I was hesitant to start this book because I was nervous the vampire/shifter hero would end up being a caricature. Too powerful, too unique, too everything. What I didn’t realize from reading the back cover was that Tynan’s shapeshifting abilities were not unique and that it actually made him looked down upon in the vampire world. He was of the Cait Sith bloodline and they were little better than outcasts and slaves. Talk about a wrong first impression, eh?
The world that Castle created was one of my favorite parts of the book. I am fascinated by political intrigues, where characters plot and maneuver constantly, and the vampire society shown here strongly reminded me of that. The human world had progressed, but the vampiric society was stuck in the past, still separated by classes. The highbloods were like bored aristocrats, expecting to be catered to, while they all looked down on the lowbloods—AKA the Cait Sith. I found the world very, very interesting, but I was disappointed we didn’t get more focus on it. I understand (and agree) that the romance had to take center stage, but I was still a little bummed that it wasn’t fleshed out more. Hopefully in the next book we’ll get a closer look at some of the other bloodlines.
Ty was a frustrating, yet sympathetic character. He had been looked down on for so long that he actually started to believe what they said. He may have cursed the highbloods for being such temperamental jerks, but he didn’t argue with his lot in life. He’d rather be a pet—no matter how much he loathed being called that—than be an outcast, struggling to survive. He didn’t even become angry at being called trash anymore. He just kept his head down and followed orders.
That’s where the frustration comes into play. He was like an abuse victim—although not quite as tentative and broken as that. He wanted Lily, but his place in life had been ground in too hard to ignore. He was willing to steal moments with her, but he couldn’t look beyond obeying his master, the Ptolemy queen. It was hard watching him continue to work toward following his orders, even after learning some less than endearing things about the Ptolemy house. His loyalty was admirable but very, very frustrating.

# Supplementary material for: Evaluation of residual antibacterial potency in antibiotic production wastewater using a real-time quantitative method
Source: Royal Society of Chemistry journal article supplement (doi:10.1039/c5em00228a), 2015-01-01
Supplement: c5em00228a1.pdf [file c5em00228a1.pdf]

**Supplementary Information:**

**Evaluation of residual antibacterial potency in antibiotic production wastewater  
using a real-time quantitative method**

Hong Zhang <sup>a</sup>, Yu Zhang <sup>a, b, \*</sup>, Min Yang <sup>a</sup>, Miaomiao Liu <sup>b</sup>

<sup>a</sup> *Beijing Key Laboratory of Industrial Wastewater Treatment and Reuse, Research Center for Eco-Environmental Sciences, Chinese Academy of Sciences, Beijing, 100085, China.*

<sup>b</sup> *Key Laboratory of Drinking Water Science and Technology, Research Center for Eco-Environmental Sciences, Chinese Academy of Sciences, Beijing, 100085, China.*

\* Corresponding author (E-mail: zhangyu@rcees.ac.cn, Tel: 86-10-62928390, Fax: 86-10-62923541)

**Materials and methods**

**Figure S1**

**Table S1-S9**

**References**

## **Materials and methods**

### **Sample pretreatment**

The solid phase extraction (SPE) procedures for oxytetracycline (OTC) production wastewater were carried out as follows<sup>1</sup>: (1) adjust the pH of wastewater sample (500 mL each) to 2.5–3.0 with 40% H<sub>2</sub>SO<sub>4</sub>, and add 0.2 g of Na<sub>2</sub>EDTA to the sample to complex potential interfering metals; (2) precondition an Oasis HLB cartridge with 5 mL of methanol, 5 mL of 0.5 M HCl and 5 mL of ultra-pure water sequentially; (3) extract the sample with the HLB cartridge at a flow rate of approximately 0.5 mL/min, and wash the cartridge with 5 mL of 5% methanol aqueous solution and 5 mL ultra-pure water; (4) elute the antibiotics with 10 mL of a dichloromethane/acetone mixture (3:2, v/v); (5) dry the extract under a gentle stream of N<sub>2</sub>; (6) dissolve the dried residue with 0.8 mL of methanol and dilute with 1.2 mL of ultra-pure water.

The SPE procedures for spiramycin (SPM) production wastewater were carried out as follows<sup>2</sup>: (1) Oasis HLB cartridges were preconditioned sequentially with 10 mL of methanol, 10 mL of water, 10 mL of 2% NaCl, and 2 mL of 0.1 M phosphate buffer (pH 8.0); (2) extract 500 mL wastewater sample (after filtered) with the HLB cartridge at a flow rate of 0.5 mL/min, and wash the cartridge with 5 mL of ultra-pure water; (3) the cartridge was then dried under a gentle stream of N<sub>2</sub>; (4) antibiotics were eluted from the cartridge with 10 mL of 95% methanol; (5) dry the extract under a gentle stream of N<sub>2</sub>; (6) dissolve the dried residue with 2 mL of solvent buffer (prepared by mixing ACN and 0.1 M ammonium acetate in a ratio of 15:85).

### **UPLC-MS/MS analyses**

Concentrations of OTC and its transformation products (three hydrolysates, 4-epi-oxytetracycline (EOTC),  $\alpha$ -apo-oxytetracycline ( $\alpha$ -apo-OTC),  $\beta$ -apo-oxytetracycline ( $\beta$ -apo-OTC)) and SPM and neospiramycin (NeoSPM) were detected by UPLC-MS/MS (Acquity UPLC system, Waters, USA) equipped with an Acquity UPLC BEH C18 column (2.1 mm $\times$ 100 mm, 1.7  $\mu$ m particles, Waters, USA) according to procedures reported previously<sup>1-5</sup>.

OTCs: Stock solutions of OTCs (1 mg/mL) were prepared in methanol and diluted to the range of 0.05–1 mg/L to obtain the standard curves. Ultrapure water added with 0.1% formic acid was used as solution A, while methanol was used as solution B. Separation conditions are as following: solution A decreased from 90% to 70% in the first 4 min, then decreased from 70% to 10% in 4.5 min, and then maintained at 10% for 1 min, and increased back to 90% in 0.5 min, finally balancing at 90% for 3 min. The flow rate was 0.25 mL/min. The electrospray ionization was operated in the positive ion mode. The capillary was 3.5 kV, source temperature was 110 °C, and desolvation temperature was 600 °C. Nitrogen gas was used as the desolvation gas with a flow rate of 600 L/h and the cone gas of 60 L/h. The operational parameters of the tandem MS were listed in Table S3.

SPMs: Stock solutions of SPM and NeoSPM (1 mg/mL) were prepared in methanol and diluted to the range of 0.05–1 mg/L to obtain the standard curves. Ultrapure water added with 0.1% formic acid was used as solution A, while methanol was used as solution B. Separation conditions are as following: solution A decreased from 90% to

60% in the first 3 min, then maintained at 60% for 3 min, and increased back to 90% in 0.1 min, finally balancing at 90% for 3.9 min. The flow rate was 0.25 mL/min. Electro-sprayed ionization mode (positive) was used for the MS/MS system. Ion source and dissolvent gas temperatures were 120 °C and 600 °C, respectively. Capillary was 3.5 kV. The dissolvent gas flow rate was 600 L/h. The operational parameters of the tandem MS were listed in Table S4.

I liked Lily and felt bad for her childhood. She was adopted to serve as a trophy child and was quickly kicked to the curb when her parents conceived a child of their own. It didn’t help that she also had an uncontrollable magic outburst that scared the crap out of them. Her childhood made it hard for her to get close to people and taught her to hide any magical urges deep. She was a breath of fresh air for Ty and just what he needed to show him that he was more than what the other vampires told him he was.
I thought the book had a lot of great points, but at times they didn’t seem to mesh that well together. The hero and heroine were great on their own, and I did feel the tension between them, but I also thought their romance could have been a lot more engrossing than it actually was. I found myself more interested in side characters like Vlad and Jaden (and the tension surrounding him and Lyra) than in the main characters. Also, I felt that the climax and resolution of the book left a lot to be desired. This isn’t unique to this book, though. Sometimes I just get tired of how easily everything seems to be solved in a lot of PNR and UF books out there. I can’t seem to find the words to describe exactly what I mean, but it always leaves me wanting.
Despite a few complaints, I’m really looking forward to reading the next book. The author hooked me with the tension between Lyra and Jaden in this book. I’m eager to see a romance between a werewolf and a Cait Sith play out.
“But though she would never admit it, a night spent fawning over Ty wouldn’t be much of a chore to manage. At all. She might even get to paw at him a little.
Oh, she was a sick, sick girl. Lily hunched her shoulders a little and sighed, which Ty seemed to take for resignation. That was fine with her.”